Monday March 11th, 2019 6:00–8:00pm
We are pleased to once again partner with Rikumo to present a very special lecture event by Japanese video artist Ko Nakajima, who will share the history of Japanese animation that will span the timeframe and subjects of Edo-period magic lanterns (1800s) through pre-WWII and postwar development of Japanese animation.
Ko Nakajima, whose work CCJ has researched and preserved in the recent years, is also a member of the Japan chapter of Association Internationale du Film d’Animation (ASIFA-Japan) and will give this special presentation. This program is appropriate for children and adults. Nakajima will also present his early video art work from the 1970s in a related program on Tuesday March 12th, at PhillyCAM.
The event is free and open to all. You can reserve a seat here.
Nakajima Ko began his career in experimental animation with the creation of works such as Seizoki (1964). At his solo exhibition at the Sogetsu Art Center, a space for avant-garde art in 1960s Tokyo, he produced Seizoki by painting directly on the film between screenings. His perennial interest in integrating new technologies, exploring the potential of film, video, and eventually computer animation, joined his desire to explore human intersections with nature, as seen in his Biological Cycle series (1971-); he created the first work in the series, Biological Life (1971-), by copying manipulated film footage onto video, then further manipulating the work with a video synthesizer. In 1971, Nakajima established Video Earth Tokyo, the pioneering video-art collective. Nakajima used one of the earliest available portable video recorders to document Video Earth Tokyo performance pieces and teach the new technology. Video Earth Tokyo members created works, broadcast works on cable television, and participated in international exhibitions and emergent CG (computer graphics) conferences.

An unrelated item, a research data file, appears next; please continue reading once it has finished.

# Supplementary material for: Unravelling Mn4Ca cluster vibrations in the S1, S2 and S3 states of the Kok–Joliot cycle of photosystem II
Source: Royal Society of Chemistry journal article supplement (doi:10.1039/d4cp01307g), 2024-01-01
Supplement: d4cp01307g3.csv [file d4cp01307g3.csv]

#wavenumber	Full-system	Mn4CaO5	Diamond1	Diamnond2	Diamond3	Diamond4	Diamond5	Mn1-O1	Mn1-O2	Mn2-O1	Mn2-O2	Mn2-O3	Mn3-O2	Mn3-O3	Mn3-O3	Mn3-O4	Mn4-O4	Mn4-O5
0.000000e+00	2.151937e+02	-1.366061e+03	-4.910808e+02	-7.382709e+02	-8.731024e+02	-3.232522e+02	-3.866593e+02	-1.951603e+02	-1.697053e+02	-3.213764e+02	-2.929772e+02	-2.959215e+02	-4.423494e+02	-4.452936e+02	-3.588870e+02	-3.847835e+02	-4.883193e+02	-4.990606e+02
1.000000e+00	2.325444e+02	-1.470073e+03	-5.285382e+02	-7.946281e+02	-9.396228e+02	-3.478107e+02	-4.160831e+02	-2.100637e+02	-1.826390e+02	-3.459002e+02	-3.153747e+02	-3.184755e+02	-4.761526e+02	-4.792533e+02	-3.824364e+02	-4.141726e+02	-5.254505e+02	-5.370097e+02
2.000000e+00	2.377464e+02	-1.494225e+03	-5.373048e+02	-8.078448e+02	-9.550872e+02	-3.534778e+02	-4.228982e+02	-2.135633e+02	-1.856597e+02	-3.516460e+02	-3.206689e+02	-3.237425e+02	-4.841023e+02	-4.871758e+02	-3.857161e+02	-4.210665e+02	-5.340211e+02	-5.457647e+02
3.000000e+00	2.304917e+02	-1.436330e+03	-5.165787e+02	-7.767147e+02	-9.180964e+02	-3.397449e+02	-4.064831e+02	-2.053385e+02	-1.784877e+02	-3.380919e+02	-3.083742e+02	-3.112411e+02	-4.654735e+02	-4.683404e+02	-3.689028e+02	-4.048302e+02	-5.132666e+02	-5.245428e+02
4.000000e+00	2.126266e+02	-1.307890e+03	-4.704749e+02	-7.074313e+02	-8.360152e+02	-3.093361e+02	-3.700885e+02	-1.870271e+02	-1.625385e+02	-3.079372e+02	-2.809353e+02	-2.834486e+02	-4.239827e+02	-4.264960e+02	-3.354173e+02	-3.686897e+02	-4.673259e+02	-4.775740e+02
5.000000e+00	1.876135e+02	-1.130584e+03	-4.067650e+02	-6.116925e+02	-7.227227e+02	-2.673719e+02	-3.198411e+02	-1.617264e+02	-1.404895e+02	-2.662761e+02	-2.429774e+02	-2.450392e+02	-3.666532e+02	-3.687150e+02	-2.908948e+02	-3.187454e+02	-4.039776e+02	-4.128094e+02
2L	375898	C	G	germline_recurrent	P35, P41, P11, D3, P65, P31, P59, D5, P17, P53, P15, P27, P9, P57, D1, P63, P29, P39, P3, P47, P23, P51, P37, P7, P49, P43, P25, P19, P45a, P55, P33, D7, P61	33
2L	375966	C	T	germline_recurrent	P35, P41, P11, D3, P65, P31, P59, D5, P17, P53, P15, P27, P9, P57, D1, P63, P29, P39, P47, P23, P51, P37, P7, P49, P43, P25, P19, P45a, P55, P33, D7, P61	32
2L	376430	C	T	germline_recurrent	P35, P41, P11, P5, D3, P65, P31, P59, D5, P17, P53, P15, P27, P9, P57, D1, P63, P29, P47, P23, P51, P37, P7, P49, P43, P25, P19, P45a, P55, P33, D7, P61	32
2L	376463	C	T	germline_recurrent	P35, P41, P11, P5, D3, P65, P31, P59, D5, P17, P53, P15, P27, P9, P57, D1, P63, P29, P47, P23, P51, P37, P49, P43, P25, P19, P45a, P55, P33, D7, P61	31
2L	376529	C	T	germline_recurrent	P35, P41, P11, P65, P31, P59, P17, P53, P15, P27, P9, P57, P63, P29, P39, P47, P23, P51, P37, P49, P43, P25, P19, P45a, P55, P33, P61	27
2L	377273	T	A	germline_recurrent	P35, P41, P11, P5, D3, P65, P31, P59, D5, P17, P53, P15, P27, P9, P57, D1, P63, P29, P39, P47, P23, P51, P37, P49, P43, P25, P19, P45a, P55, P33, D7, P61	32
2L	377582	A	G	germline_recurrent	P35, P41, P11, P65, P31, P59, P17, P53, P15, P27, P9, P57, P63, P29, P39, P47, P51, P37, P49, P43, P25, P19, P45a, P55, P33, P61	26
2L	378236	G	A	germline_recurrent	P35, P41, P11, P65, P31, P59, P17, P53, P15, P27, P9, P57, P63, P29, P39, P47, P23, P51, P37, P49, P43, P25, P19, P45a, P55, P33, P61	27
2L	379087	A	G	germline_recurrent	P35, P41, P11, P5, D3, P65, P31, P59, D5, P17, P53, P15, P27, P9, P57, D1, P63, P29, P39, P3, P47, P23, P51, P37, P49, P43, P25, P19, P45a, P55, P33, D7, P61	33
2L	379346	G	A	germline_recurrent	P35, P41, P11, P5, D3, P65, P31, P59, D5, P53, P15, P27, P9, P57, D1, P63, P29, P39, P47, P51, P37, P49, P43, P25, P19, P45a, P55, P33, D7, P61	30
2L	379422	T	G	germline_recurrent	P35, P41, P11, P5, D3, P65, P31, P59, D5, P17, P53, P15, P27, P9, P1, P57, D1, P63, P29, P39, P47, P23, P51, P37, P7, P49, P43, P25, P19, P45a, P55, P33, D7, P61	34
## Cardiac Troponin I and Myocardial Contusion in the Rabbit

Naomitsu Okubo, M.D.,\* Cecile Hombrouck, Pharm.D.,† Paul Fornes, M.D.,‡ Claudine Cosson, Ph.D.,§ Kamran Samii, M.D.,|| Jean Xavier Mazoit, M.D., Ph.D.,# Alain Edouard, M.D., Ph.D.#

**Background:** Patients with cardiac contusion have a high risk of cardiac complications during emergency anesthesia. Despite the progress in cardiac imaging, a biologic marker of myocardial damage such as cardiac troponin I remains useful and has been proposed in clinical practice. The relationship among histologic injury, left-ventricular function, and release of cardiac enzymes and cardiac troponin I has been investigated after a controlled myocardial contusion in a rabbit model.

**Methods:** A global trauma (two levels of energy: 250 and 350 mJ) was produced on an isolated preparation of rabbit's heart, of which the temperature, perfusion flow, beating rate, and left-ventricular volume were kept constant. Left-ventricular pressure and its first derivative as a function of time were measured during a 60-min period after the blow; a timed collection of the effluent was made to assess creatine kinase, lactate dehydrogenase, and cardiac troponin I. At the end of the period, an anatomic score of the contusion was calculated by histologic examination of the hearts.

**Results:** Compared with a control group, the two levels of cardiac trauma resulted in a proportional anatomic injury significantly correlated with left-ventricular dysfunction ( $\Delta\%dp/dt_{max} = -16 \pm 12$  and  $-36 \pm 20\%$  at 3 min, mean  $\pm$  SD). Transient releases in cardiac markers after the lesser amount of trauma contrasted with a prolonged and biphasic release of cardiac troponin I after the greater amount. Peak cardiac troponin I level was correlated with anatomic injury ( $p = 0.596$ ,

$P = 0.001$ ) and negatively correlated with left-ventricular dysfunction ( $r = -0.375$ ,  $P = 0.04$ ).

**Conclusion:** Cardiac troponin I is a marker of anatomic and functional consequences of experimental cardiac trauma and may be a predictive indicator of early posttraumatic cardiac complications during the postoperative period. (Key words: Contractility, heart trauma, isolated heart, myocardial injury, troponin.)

Nakajima has produced works in France, Canada, New Zealand, and Denmark. Representative works include Biological Cycle series (1971-), My Life series (1976-), Mt. Fuji (1984), and Dolmen (1987). His works are in permanent collections internationally, including in Centre Georges Pompidou (France), The Museum of Modern Art (U.S.), Long Beach Museum of Art Video Archive (U.S.), and the Getty Research Institute Special Collections (U.S.).